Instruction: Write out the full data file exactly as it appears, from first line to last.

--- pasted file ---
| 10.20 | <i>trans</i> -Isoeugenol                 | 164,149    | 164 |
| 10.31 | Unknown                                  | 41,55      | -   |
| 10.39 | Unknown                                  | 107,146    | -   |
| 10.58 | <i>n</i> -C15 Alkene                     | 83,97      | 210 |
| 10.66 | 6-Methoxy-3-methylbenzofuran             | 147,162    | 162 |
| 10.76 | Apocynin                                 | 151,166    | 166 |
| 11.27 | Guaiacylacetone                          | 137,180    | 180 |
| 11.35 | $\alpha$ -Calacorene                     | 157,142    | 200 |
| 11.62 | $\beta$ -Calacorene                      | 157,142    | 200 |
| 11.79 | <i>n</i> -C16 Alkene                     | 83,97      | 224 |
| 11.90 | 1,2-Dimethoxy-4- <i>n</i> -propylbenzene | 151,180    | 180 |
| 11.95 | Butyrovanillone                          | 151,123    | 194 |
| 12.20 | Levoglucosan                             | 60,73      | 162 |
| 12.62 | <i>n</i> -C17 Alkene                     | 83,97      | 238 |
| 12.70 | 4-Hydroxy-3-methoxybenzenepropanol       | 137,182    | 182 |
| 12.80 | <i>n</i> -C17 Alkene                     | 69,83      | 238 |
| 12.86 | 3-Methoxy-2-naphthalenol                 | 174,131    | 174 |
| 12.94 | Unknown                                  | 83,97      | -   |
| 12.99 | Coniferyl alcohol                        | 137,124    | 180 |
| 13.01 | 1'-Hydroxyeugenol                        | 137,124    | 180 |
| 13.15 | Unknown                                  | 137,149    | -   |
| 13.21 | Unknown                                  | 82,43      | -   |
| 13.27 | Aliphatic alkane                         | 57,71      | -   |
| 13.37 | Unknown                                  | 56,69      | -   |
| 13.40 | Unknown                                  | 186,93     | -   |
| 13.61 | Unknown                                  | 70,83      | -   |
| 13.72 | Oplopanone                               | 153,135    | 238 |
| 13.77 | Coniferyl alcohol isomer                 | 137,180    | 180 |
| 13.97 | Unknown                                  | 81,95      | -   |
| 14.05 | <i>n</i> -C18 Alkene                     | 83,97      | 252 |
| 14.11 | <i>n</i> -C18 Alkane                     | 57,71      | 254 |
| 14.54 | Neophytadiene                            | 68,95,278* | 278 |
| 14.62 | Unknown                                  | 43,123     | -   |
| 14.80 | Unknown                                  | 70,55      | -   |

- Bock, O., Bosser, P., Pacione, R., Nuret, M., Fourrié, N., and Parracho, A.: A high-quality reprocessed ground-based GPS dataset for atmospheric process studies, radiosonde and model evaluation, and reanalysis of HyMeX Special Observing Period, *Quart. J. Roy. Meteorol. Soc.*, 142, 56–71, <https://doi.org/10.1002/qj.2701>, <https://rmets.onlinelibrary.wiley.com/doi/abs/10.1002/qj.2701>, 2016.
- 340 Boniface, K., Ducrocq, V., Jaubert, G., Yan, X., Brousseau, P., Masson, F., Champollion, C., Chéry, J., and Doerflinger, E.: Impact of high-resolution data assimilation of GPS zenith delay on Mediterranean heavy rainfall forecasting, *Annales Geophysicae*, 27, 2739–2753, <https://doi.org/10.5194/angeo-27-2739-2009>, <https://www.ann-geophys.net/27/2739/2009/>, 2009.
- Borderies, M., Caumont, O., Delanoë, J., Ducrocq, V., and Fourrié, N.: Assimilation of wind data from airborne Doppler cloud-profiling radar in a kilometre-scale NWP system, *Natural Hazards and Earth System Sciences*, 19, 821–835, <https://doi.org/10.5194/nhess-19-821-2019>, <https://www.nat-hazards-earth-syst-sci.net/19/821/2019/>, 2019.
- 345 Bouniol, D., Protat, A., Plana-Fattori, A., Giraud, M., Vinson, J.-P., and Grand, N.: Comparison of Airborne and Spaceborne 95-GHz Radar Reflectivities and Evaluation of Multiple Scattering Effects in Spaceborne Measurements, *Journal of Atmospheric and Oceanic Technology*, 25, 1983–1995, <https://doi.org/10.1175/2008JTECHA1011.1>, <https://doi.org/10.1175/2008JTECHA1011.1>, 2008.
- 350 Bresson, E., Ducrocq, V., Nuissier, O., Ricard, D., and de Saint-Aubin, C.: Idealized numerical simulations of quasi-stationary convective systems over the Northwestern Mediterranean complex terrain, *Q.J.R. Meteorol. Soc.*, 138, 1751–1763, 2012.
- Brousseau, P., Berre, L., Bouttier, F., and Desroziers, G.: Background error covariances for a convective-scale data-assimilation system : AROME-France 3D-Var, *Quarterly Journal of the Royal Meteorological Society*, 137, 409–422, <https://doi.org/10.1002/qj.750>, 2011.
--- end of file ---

| 10.20 | <i>trans</i> -Isoeugenol                 | 164,149    | 164 |
| 10.31 | Unknown                                  | 41,55      | -   |
| 10.39 | Unknown                                  | 107,146    | -   |
| 10.58 | <i>n</i> -C15 Alkene                     | 83,97      | 210 |
| 10.66 | 6-Methoxy-3-methylbenzofuran             | 147,162    | 162 |
| 10.76 | Apocynin                                 | 151,166    | 166 |
| 11.27 | Guaiacylacetone                          | 137,180    | 180 |
| 11.35 | $\alpha$ -Calacorene                     | 157,142    | 200 |
| 11.62 | $\beta$ -Calacorene                      | 157,142    | 200 |
| 11.79 | <i>n</i> -C16 Alkene                     | 83,97      | 224 |
| 11.90 | 1,2-Dimethoxy-4- <i>n</i> -propylbenzene | 151,180    | 180 |
| 11.95 | Butyrovanillone                          | 151,123    | 194 |
| 12.20 | Levoglucosan                             | 60,73      | 162 |
| 12.62 | <i>n</i> -C17 Alkene                     | 83,97      | 238 |
| 12.70 | 4-Hydroxy-3-methoxybenzenepropanol       | 137,182    | 182 |
| 12.80 | <i>n</i> -C17 Alkene                     | 69,83      | 238 |
| 12.86 | 3-Methoxy-2-naphthalenol                 | 174,131    | 174 |
| 12.94 | Unknown                                  | 83,97      | -   |
| 12.99 | Coniferyl alcohol                        | 137,124    | 180 |
| 13.01 | 1'-Hydroxyeugenol                        | 137,124    | 180 |
| 13.15 | Unknown                                  | 137,149    | -   |
| 13.21 | Unknown                                  | 82,43      | -   |
| 13.27 | Aliphatic alkane                         | 57,71      | -   |
| 13.37 | Unknown                                  | 56,69      | -   |
| 13.40 | Unknown                                  | 186,93     | -   |
| 13.61 | Unknown                                  | 70,83      | -   |
| 13.72 | Oplopanone                               | 153,135    | 238 |
| 13.77 | Coniferyl alcohol isomer                 | 137,180    | 180 |
| 13.97 | Unknown                                  | 81,95      | -   |
| 14.05 | <i>n</i> -C18 Alkene                     | 83,97      | 252 |
| 14.11 | <i>n</i> -C18 Alkane                     | 57,71      | 254 |
| 14.54 | Neophytadiene                            | 68,95,278* | 278 |
| 14.62 | Unknown                                  | 43,123     | -   |
| 14.80 | Unknown                                  | 70,55      | -   |

- Bock, O., Bosser, P., Pacione, R., Nuret, M., Fourrié, N., and Parracho, A.: A high-quality reprocessed ground-based GPS dataset for atmospheric process studies, radiosonde and model evaluation, and reanalysis of HyMeX Special Observing Period, *Quart. J. Roy. Meteorol. Soc.*, 142, 56–71, <https://doi.org/10.1002/qj.2701>, <https://rmets.onlinelibrary.wiley.com/doi/abs/10.1002/qj.2701>, 2016.
- 340 Boniface, K., Ducrocq, V., Jaubert, G., Yan, X., Brousseau, P., Masson, F., Champollion, C., Chéry, J., and Doerflinger, E.: Impact of high-resolution data assimilation of GPS zenith delay on Mediterranean heavy rainfall forecasting, *Annales Geophysicae*, 27, 2739–2753, <https://doi.org/10.5194/angeo-27-2739-2009>, <https://www.ann-geophys.net/27/2739/2009/>, 2009.
- Borderies, M., Caumont, O., Delanoë, J., Ducrocq, V., and Fourrié, N.: Assimilation of wind data from airborne Doppler cloud-profiling radar in a kilometre-scale NWP system, *Natural Hazards and Earth System Sciences*, 19, 821–835, <https://doi.org/10.5194/nhess-19-821-2019>, <https://www.nat-hazards-earth-syst-sci.net/19/821/2019/>, 2019.
- 345 Bouniol, D., Protat, A., Plana-Fattori, A., Giraud, M., Vinson, J.-P., and Grand, N.: Comparison of Airborne and Spaceborne 95-GHz Radar Reflectivities and Evaluation of Multiple Scattering Effects in Spaceborne Measurements, *Journal of Atmospheric and Oceanic Technology*, 25, 1983–1995, <https://doi.org/10.1175/2008JTECHA1011.1>, <https://doi.org/10.1175/2008JTECHA1011.1>, 2008.
- 350 Bresson, E., Ducrocq, V., Nuissier, O., Ricard, D., and de Saint-Aubin, C.: Idealized numerical simulations of quasi-stationary convective systems over the Northwestern Mediterranean complex terrain, *Q.J.R. Meteorol. Soc.*, 138, 1751–1763, 2012.
- Brousseau, P., Berre, L., Bouttier, F., and Desroziers, G.: Background error covariances for a convective-scale data-assimilation system : AROME-France 3D-Var, *Quarterly Journal of the Royal Meteorological Society*, 137, 409–422, <https://doi.org/10.1002/qj.750>, 2011.